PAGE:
Colorado Might Swap Restaurant Grades For Higher Inspection Fees

With restaurants in some of its largest counties going two years between inspections due to a lack of trained inspectors, Colorado is looking at new ways to pay for ensuring clean, food-safe kitchens.

A 14-page bill in the state’s General Assembly would increase the fees used to hire restaurant inspectors, a boon to the coffers of county and district health departments.

The Colorado Restaurant Association supports the higher fees, but with the caveat that the new law would prevent local governments from using grading systems reliant on “a letter, number, or symbol grading system, or similar oversimplified method of quantifying results.”

The association’s website calls a health inspection “a one-hour slice of time meant to help restaurant operators learn from the health department where they may be able to make improvements to their practices. Applying a ‘score’ or a ‘grade’ to this inspection does nothing to improve regulatory compliance by the establishment and can be dangerously misleading to the public.”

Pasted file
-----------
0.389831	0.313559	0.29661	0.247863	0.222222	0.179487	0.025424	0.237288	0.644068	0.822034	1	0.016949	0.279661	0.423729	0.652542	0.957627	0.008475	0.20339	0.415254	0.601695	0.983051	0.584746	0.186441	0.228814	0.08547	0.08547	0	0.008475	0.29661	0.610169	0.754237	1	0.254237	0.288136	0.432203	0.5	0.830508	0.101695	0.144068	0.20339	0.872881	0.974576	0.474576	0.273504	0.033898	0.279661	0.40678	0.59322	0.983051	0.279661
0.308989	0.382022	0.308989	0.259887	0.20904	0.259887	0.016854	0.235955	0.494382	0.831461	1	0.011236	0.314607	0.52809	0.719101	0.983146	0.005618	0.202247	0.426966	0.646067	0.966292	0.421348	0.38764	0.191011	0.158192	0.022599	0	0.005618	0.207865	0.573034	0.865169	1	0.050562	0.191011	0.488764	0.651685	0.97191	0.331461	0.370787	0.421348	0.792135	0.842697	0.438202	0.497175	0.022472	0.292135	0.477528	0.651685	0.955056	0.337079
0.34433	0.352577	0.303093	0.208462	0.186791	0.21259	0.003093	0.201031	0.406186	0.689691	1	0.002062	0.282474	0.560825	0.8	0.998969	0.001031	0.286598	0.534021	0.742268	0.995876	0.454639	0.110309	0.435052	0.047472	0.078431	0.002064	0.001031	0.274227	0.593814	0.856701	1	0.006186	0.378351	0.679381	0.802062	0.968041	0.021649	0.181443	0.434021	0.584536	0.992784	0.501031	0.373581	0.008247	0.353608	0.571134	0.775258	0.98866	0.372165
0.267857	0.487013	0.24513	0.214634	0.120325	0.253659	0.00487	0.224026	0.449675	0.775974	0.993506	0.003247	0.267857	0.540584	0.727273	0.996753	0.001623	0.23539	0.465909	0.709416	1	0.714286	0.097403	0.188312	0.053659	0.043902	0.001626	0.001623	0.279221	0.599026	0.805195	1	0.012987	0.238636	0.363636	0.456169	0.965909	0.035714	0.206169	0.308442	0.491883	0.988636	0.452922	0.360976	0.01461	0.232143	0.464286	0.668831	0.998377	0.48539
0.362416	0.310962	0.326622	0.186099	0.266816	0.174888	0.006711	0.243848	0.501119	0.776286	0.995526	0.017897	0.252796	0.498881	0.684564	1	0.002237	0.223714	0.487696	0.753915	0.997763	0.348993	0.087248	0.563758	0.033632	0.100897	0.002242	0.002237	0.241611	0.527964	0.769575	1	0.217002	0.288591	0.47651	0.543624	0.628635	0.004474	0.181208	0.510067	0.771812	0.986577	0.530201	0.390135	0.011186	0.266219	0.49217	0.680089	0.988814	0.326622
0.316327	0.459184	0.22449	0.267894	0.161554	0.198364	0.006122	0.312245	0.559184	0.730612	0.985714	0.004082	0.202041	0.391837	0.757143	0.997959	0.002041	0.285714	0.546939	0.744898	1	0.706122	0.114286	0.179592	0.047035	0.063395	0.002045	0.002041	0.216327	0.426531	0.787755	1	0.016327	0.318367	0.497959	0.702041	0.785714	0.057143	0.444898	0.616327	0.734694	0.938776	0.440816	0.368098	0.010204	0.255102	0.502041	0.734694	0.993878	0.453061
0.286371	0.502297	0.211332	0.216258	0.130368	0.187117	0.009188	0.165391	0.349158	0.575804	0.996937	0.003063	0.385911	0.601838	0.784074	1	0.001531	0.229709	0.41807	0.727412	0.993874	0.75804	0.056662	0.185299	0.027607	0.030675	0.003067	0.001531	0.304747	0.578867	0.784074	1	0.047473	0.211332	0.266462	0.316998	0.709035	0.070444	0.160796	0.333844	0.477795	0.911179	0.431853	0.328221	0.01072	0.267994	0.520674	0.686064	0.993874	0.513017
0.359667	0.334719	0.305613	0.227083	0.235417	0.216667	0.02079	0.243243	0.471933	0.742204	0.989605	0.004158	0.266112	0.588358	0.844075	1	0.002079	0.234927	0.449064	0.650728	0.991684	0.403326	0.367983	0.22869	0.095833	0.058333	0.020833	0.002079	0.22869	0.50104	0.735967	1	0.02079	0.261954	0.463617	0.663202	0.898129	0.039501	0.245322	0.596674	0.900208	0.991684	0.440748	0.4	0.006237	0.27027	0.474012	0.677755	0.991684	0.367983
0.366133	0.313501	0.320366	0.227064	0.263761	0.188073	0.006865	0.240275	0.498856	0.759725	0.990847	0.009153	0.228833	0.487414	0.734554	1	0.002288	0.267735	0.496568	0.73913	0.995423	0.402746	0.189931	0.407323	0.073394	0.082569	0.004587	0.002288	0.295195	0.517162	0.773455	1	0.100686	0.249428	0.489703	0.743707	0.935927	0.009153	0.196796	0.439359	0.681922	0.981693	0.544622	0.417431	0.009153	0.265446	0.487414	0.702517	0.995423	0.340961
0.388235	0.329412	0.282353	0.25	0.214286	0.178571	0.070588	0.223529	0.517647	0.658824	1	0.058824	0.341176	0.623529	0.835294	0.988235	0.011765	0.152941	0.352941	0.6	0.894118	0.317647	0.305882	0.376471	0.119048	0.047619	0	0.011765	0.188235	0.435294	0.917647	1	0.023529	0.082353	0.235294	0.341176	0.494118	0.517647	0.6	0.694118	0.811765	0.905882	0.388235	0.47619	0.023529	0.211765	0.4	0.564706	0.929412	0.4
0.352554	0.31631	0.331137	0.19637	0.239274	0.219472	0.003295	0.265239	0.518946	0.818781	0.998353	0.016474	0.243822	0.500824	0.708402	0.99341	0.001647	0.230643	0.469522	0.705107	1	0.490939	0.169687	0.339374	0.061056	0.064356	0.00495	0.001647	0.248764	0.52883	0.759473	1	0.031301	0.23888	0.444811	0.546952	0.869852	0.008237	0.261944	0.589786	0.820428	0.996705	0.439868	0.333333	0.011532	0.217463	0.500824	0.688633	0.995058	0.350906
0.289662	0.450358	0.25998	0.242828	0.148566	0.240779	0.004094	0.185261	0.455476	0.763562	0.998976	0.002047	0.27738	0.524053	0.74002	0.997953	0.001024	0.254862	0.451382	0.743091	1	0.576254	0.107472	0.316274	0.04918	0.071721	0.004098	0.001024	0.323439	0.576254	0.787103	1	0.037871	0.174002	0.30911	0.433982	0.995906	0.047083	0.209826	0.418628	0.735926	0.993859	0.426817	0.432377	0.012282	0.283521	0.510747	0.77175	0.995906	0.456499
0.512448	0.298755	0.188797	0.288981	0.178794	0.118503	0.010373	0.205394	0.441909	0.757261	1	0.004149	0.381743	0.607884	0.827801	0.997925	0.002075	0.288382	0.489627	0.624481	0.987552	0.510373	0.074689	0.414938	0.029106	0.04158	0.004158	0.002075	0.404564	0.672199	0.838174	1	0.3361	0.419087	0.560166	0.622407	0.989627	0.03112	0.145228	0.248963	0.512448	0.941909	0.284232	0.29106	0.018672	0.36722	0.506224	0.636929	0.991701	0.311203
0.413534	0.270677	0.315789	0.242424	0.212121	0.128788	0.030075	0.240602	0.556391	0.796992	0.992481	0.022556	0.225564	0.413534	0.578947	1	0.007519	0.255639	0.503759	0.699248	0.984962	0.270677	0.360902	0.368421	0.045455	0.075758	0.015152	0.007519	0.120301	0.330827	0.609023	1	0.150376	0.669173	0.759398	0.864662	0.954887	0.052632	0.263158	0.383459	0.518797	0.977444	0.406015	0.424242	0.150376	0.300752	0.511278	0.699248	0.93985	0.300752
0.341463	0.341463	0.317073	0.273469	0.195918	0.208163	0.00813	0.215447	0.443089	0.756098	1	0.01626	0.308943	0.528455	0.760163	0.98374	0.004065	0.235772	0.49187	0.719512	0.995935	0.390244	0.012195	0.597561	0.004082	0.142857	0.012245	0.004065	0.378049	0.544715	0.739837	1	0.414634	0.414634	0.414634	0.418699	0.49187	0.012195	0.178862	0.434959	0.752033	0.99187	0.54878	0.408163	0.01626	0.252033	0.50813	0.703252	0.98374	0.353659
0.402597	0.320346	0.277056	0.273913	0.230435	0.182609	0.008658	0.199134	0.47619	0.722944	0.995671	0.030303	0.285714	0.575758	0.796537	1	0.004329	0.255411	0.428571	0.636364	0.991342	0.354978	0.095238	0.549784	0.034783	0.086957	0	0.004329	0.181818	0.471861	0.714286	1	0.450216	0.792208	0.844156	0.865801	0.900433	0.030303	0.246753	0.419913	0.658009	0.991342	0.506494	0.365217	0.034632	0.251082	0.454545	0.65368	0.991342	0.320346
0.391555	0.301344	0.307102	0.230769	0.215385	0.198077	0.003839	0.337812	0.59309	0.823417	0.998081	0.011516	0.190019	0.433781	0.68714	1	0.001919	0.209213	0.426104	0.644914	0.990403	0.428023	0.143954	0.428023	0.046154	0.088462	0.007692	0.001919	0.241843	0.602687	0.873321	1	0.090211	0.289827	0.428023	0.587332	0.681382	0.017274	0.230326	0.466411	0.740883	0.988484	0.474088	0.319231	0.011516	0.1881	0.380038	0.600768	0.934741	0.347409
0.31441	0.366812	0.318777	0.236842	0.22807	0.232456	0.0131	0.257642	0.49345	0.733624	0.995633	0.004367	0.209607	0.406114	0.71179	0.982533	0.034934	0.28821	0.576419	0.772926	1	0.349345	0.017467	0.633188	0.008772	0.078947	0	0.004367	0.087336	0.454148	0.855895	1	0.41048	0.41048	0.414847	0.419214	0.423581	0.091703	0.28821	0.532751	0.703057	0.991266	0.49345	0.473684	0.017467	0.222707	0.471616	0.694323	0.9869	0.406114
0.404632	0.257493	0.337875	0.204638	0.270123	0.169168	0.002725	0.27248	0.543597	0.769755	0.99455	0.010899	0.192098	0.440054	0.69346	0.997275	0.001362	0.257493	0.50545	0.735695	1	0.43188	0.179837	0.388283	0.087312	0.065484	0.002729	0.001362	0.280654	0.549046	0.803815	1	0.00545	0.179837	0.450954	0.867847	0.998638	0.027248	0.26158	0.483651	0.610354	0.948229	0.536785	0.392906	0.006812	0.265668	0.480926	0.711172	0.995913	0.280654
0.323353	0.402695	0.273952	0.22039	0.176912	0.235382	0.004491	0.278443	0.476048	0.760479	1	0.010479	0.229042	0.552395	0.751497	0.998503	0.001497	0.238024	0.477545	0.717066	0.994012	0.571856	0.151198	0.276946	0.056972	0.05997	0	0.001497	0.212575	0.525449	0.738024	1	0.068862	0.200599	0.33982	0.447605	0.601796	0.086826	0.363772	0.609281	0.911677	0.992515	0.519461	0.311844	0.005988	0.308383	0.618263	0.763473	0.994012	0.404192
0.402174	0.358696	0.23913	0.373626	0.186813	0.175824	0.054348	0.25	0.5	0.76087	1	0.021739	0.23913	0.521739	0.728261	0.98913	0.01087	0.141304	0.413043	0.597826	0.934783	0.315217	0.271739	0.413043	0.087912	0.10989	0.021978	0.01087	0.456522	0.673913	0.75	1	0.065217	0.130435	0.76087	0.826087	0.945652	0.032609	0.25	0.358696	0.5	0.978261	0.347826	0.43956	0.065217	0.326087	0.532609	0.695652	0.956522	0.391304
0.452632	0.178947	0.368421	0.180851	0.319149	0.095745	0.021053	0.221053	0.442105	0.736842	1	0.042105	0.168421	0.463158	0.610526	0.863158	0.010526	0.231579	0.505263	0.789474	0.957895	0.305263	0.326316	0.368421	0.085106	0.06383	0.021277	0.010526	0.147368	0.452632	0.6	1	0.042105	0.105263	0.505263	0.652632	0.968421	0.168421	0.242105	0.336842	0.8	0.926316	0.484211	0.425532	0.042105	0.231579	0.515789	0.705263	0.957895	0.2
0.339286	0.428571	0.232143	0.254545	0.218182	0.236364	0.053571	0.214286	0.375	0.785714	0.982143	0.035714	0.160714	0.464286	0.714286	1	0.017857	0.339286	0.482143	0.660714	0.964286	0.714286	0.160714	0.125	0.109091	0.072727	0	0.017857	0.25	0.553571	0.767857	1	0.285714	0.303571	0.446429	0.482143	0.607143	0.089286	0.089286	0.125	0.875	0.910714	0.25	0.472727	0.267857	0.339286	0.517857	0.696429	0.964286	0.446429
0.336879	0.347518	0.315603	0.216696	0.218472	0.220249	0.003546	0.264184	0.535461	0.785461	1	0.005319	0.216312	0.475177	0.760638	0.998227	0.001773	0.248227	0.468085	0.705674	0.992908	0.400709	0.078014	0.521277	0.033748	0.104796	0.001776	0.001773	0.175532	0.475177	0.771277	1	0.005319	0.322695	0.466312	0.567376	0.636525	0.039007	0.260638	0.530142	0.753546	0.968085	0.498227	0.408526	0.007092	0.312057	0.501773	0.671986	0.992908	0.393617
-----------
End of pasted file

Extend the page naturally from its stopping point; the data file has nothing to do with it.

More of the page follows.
The bill also reduces the duration of time a restaurant’s license can be suspended to one month, from the current six months. Annual license and inspection fees are increased under the bill, which would be the first bump in seven years. The funds cannot be spent on anything other than retail food health-related activities.

Several fee schedules are included in the bill, e.g., a restaurant with a seating capacity of 101-200 would see annual fees increase to $430 a year, from the current $285.

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